The effects of hot and cold temperatures on emergency hospital admissions in Brisbane, Australia
Ye, Xiaofang (2013) The effects of hot and cold temperatures on emergency hospital admissions in Brisbane, Australia. PhD by Publication, Queensland University of Technology.
As Earth's climate is rapidly changing, the impact of ambient temperature on health outcomes has attracted increasing attention in the recent time. Considerable number of excess deaths has been reported because of exposure to ambient hot and cold temperatures. However, relatively little research has been conducted on the relation between temperature and morbidity. The aim of this study was to characterize the relationship between both hot and cold temperatures and emergency hospital admissions in Brisbane, Australia, and to examine whether the relation varied by age and socioeconomic factors. It aimed to explore lag structures of temperature–morbidity association for respiratory causes, and to estimate the magnitude of emergency hospital admissions for cardiovascular diseases attributable to hot and cold temperatures for the large contribution of both diseases to the total emergency hospital admissions. A time series study design was applied using routinely collected data of daily emergency hospital admissions, weather and air pollution variables in Brisbane during 1996–2005. Poisson regression model with a distributed lag non-linear structure was adopted to assess the impact of temperature on emergency hospital admissions after adjustment for confounding factors. Both hot and cold effects were found, with higher risk of hot temperatures than that of cold temperatures. Increases in mean temperature above 24.2oC were associated with increased morbidity, especially for the elderly ≥ 75 years old with the largest effect. The magnitude of the risk estimates of hot temperature varied by age and socioeconomic factors. High population density, low household income, and unemployment appeared to modify the temperature–morbidity relation. There were different lag structures for hot and cold temperatures, with the acute hot effect within 3 days after hot exposure and about 2-week lagged cold effect on respiratory diseases. A strong harvesting effect after 3 days was evident for respiratory diseases. People suffering from cardiovascular diseases were found to be more vulnerable to hot temperatures than cold temperatures. However, more patients admitted for cardiovascular diseases were attributable to cold temperatures in Brisbane compared with hot temperatures. This study contributes to the knowledge base about the association between temperature and morbidity. It is vitally important in the context of ongoing climate change. The findings of this study may provide useful information for the development and implementation of public health policy and strategic initiatives designed to reduce and prevent the burden of disease due to the impact of climate change.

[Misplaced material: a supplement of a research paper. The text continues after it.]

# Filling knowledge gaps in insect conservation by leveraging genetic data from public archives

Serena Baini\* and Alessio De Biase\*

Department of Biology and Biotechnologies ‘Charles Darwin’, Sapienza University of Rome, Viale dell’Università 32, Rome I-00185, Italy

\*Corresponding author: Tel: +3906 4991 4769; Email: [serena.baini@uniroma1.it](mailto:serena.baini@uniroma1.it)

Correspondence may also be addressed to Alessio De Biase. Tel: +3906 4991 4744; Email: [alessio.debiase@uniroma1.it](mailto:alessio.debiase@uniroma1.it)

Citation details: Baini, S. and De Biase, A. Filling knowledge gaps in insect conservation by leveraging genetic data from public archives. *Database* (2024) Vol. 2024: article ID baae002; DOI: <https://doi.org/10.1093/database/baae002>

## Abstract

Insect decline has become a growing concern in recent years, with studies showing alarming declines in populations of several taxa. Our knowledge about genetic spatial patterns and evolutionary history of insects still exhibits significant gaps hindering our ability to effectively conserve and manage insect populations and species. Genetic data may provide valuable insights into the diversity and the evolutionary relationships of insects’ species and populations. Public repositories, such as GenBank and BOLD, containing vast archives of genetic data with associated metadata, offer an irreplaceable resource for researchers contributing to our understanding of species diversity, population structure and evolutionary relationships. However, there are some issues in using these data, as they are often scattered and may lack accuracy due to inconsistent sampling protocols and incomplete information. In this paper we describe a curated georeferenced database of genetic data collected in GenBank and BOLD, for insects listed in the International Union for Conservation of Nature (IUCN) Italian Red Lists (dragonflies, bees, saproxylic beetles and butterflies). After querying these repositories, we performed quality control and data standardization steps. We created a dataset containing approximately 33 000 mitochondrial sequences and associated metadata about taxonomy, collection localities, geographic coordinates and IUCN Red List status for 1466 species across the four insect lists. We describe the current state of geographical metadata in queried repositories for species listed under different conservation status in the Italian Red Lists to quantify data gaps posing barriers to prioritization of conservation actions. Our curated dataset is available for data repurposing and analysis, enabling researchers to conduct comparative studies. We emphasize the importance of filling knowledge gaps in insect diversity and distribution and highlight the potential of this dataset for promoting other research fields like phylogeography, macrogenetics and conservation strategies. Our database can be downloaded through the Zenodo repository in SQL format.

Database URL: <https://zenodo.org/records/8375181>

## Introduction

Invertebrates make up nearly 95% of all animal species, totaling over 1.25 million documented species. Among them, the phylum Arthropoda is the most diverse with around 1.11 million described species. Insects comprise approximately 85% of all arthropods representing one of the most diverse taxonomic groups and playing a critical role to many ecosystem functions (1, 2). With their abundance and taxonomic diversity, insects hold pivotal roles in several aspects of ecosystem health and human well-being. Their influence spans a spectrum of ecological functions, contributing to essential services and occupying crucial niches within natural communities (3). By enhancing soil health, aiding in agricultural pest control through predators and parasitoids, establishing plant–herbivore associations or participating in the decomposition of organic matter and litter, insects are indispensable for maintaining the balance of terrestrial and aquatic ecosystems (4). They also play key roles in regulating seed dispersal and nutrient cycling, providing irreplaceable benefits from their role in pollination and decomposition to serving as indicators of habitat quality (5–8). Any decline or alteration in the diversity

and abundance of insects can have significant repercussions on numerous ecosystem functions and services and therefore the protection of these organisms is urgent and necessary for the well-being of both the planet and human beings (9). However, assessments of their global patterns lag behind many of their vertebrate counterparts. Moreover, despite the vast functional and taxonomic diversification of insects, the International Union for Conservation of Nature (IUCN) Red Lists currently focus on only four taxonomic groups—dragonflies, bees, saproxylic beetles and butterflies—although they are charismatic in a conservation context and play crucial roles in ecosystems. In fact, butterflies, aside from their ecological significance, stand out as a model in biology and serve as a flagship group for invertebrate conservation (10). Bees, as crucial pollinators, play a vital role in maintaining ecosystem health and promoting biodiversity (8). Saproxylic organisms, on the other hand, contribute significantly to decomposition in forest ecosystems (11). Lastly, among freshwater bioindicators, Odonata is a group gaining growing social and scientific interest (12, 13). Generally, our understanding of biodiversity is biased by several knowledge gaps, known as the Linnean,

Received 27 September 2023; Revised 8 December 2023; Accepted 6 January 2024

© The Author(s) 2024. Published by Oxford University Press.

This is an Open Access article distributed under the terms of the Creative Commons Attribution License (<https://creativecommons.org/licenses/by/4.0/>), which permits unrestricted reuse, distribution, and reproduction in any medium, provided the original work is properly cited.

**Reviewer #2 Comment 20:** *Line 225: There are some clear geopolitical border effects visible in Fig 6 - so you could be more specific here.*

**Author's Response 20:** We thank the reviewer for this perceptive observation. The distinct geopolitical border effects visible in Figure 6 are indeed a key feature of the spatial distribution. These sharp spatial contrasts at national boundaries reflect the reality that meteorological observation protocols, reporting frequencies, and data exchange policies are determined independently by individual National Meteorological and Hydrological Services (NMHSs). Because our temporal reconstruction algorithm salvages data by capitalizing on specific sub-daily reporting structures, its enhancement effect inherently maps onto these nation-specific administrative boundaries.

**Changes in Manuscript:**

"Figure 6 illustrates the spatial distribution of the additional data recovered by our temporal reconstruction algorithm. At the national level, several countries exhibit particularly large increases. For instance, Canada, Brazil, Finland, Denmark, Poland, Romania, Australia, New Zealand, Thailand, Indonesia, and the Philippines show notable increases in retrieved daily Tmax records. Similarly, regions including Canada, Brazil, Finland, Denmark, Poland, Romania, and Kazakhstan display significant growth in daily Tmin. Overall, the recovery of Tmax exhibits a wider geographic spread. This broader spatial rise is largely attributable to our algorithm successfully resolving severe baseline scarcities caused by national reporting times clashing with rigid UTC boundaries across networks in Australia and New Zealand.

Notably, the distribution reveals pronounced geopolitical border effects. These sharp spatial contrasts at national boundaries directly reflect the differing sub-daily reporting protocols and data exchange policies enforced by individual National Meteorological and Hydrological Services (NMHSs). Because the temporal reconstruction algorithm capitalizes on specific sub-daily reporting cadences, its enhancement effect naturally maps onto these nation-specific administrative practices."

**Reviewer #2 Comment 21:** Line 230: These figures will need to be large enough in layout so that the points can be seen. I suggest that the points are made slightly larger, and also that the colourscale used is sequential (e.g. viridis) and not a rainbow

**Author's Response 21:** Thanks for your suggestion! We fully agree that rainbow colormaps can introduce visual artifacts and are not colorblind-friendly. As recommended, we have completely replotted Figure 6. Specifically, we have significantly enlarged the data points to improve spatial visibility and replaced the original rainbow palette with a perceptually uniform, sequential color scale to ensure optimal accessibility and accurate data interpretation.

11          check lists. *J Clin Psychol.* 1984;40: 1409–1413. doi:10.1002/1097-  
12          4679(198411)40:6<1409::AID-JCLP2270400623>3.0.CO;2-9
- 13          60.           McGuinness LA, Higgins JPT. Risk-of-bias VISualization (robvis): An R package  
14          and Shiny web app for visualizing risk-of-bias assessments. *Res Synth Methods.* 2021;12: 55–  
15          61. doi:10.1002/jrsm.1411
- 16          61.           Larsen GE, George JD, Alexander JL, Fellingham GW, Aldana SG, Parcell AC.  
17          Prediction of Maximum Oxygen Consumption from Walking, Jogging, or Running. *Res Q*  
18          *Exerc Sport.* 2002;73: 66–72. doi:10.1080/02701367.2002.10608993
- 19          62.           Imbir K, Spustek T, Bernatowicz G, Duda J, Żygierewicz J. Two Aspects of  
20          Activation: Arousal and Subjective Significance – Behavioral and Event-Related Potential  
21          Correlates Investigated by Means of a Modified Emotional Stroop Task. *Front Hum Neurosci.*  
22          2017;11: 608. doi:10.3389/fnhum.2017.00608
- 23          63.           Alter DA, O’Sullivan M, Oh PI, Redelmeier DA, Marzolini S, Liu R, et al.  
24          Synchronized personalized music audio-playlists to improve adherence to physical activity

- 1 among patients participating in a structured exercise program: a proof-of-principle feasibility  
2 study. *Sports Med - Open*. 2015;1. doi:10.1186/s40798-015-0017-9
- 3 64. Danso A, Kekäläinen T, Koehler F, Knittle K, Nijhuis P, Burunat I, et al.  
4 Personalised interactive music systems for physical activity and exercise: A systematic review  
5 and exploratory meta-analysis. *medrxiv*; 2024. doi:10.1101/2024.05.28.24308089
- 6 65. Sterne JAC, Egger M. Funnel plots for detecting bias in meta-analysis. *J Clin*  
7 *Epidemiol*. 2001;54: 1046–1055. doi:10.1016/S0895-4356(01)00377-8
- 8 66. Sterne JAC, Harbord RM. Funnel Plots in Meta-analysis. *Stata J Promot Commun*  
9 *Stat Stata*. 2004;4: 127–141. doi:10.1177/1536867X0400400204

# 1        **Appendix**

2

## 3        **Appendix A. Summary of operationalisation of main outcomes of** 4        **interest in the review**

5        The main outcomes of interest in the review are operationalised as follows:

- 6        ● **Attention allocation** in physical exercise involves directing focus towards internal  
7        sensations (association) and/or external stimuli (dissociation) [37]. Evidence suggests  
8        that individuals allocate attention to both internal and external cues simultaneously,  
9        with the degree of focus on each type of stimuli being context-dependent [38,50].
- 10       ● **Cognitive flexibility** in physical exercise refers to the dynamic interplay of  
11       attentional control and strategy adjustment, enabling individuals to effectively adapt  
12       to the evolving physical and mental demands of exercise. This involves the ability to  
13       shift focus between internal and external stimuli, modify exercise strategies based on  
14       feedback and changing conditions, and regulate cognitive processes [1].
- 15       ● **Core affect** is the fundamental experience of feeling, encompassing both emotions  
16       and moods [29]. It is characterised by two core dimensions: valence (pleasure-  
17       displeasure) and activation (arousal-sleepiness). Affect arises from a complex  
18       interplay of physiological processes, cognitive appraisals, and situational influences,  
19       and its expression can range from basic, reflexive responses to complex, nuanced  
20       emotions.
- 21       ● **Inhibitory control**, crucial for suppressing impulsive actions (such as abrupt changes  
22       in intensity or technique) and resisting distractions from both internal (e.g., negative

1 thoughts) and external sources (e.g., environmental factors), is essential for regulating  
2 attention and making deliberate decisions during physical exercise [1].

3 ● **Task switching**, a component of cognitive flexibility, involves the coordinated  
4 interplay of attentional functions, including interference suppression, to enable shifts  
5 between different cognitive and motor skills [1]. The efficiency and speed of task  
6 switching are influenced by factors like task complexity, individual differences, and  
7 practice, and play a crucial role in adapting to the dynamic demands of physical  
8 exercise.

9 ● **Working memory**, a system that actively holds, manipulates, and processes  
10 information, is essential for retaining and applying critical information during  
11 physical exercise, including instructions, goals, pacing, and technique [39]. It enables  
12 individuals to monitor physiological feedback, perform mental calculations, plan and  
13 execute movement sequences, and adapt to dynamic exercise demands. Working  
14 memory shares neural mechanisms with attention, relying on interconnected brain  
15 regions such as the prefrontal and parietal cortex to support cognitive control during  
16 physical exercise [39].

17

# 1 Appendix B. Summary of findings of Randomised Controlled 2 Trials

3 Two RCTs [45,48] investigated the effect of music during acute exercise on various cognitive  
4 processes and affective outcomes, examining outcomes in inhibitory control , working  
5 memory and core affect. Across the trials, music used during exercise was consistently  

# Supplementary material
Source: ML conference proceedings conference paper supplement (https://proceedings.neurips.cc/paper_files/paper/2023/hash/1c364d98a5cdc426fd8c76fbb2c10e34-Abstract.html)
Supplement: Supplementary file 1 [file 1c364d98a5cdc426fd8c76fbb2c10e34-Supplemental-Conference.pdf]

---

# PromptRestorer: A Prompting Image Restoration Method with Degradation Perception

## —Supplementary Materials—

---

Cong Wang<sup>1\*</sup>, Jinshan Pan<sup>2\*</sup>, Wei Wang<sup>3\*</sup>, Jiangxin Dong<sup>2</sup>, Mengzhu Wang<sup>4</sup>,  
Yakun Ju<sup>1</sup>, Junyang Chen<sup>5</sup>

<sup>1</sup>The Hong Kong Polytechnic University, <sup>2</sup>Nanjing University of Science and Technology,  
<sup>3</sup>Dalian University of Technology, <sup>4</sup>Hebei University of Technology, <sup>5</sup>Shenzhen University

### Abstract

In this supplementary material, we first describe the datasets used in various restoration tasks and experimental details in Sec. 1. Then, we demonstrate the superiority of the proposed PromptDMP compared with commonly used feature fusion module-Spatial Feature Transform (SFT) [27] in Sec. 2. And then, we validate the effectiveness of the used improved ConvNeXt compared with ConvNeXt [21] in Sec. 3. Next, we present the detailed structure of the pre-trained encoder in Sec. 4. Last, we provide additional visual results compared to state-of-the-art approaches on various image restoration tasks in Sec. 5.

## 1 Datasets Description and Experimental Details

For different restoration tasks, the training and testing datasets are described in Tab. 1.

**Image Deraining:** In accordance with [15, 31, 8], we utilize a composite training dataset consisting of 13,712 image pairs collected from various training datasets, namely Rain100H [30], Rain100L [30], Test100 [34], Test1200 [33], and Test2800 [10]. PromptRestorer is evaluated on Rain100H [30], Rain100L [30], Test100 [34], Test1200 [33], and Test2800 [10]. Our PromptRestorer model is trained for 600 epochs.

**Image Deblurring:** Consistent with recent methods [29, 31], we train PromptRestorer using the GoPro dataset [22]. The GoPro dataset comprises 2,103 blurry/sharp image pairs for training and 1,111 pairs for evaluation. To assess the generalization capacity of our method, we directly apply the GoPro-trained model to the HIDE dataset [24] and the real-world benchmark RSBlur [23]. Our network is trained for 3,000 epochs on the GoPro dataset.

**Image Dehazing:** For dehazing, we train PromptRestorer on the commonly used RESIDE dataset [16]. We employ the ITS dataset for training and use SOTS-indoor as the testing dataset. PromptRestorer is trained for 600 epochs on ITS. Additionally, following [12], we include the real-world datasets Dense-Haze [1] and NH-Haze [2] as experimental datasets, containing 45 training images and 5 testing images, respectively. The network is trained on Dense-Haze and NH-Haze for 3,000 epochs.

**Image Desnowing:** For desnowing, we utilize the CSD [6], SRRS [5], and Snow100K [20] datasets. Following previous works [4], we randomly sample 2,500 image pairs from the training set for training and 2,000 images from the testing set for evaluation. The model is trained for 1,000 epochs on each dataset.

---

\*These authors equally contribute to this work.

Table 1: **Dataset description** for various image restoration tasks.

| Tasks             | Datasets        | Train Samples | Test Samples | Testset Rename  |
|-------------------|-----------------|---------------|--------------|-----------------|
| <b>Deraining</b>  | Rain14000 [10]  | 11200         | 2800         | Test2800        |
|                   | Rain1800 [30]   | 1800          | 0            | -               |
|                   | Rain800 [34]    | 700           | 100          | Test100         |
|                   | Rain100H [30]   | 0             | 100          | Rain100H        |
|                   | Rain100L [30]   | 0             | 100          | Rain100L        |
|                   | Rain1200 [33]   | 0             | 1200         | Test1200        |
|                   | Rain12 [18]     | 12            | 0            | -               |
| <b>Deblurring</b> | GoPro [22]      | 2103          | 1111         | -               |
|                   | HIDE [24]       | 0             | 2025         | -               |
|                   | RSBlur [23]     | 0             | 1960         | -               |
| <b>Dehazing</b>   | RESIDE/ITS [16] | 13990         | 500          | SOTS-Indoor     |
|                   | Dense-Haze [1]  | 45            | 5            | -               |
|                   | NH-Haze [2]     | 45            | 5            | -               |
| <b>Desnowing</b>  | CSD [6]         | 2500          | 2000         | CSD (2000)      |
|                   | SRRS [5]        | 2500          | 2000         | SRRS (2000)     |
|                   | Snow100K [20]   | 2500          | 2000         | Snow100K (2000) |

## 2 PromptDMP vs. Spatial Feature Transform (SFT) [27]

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|Item Type:||QUT Thesis (PhD by Publication)|
|Supervisor:||Tong, Shilu, Mengersen, Kerrie, Pan, Xiaochuan, & Wolff, Rodney|
|Keywords:||age, attributable risk, cardiovascular diseases, climate change, cold effect, distributed lag non-linear model, emergency hospital admission, generalized linear model, hot effect, lag structure, morbidity, socioeconomic status, respiratory diseases, temperature, CEDM|
|Divisions:||Current > QUT Faculties and Divisions > Faculty of Health
Current > Schools > School of Public Health & Social Work
|Institution:||Queensland University of Technology|
|Deposited On:||23 Oct 2013 05:32|
|Last Modified:||09 Sep 2015 02:42|
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